In teaching jurisprudence, I typically distinguish between two different families of theories of adjudication—theories of how judges do or should decide cases. “Formalist” theories claim that (1) the law is “rationally” determinate, that is, the class of legitimate legal reasons available for a judge to offer in support of his or her decision justifies one and only one outcome either in all cases or in some significant and contested range of cases (e.g., cases that reach the stage of appellate review); and (2) adjudication is thus “autonomous” from other kinds of reasoning, that is, the judge can reach the required decision without recourse to nonlegal normative considerations of morality or political philosophy. I also note that “formalism” is sometimes associated with the idea that judicial decision-making involves nothing more than mechanical deduction on the model of the syllogism—Beccaria, for example, expresses such a view. I call the latter “Vulgar Formalism” to emphasize that it is not a view to which anyone today cares to subscribe.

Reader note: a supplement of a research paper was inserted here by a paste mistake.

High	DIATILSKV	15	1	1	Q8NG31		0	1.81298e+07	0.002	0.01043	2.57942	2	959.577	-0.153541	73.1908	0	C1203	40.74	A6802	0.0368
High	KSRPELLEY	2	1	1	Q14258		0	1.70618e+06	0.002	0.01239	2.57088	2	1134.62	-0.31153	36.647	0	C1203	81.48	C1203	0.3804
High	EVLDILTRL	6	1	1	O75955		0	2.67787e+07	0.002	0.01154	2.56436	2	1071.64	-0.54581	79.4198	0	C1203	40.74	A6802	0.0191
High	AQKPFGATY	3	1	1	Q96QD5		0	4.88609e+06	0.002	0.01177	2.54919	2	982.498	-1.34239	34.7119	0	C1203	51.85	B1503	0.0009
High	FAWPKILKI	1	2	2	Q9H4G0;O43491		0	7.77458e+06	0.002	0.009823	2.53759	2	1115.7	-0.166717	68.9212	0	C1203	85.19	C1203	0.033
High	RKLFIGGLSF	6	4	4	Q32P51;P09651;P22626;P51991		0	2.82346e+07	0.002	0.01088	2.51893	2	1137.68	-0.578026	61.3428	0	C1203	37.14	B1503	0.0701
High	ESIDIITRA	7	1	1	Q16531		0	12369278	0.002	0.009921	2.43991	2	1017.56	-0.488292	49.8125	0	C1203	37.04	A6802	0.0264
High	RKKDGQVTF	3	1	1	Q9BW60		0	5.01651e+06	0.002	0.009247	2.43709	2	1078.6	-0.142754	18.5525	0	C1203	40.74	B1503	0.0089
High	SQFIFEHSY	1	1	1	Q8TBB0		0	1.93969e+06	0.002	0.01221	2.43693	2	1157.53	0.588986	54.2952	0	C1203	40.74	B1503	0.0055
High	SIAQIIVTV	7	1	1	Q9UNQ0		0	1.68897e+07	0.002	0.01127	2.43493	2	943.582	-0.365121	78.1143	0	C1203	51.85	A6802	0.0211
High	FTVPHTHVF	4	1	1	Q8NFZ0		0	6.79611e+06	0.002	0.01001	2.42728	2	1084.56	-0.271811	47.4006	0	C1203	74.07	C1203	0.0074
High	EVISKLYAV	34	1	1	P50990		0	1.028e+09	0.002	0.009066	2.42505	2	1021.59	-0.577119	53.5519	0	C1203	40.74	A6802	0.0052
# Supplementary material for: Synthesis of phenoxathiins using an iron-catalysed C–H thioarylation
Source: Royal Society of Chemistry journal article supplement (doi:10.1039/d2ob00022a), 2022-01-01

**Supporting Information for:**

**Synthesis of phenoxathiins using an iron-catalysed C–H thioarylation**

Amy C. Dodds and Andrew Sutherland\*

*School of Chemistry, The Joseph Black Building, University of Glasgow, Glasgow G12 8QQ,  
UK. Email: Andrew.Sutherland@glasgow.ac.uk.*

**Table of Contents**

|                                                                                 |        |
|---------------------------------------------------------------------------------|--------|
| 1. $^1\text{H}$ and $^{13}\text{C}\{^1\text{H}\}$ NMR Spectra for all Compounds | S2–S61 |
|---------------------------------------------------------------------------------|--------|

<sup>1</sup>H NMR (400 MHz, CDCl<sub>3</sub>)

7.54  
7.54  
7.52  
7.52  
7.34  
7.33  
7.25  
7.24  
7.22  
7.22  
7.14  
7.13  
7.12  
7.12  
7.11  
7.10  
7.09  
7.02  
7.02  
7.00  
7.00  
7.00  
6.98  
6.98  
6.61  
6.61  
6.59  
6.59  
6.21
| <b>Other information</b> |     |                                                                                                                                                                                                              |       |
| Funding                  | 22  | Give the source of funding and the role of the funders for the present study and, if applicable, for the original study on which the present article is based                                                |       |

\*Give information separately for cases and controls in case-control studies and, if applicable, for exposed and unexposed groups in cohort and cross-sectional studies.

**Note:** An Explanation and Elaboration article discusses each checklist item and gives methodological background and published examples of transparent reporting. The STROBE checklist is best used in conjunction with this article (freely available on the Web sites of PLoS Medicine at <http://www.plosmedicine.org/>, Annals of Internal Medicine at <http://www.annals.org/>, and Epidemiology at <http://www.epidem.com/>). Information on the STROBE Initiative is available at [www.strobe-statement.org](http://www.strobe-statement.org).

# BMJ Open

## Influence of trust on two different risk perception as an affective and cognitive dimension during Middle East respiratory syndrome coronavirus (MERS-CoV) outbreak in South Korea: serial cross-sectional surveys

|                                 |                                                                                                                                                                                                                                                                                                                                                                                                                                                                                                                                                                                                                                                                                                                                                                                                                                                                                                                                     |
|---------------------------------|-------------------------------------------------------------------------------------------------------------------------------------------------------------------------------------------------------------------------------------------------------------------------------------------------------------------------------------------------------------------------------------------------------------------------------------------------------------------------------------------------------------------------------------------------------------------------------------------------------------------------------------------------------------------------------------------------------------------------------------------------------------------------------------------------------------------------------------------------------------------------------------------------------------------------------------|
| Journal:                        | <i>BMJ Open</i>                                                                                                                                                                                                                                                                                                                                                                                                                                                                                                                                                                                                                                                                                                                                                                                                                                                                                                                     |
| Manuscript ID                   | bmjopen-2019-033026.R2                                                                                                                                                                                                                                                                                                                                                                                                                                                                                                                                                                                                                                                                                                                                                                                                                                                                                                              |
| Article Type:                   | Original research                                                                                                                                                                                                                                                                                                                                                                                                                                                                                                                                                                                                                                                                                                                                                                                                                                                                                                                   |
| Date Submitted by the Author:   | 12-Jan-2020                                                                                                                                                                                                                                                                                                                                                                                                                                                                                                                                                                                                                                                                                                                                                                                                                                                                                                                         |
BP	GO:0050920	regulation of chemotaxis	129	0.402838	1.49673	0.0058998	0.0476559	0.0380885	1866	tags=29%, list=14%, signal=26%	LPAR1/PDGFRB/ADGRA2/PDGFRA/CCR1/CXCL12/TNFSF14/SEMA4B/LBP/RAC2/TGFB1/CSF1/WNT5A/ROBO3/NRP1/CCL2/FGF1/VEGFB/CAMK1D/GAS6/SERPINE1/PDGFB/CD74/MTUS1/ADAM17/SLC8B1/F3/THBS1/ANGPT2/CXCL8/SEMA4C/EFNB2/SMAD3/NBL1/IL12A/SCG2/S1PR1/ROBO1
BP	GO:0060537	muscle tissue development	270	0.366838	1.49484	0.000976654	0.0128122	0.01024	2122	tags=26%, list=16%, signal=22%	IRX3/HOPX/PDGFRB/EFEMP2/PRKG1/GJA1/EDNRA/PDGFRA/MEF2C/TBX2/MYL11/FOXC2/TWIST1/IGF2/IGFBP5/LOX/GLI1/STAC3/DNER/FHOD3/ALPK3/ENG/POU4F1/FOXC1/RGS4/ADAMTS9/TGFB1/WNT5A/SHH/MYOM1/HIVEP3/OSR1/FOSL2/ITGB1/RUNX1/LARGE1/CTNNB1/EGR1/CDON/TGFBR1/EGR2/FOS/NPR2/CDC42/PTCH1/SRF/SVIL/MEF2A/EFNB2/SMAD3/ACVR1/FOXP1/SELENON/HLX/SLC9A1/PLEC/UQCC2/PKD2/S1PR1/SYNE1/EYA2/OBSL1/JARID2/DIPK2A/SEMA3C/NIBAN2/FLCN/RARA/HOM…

Email your librarian or administrator to recommend adding this journal to your organisation's collection.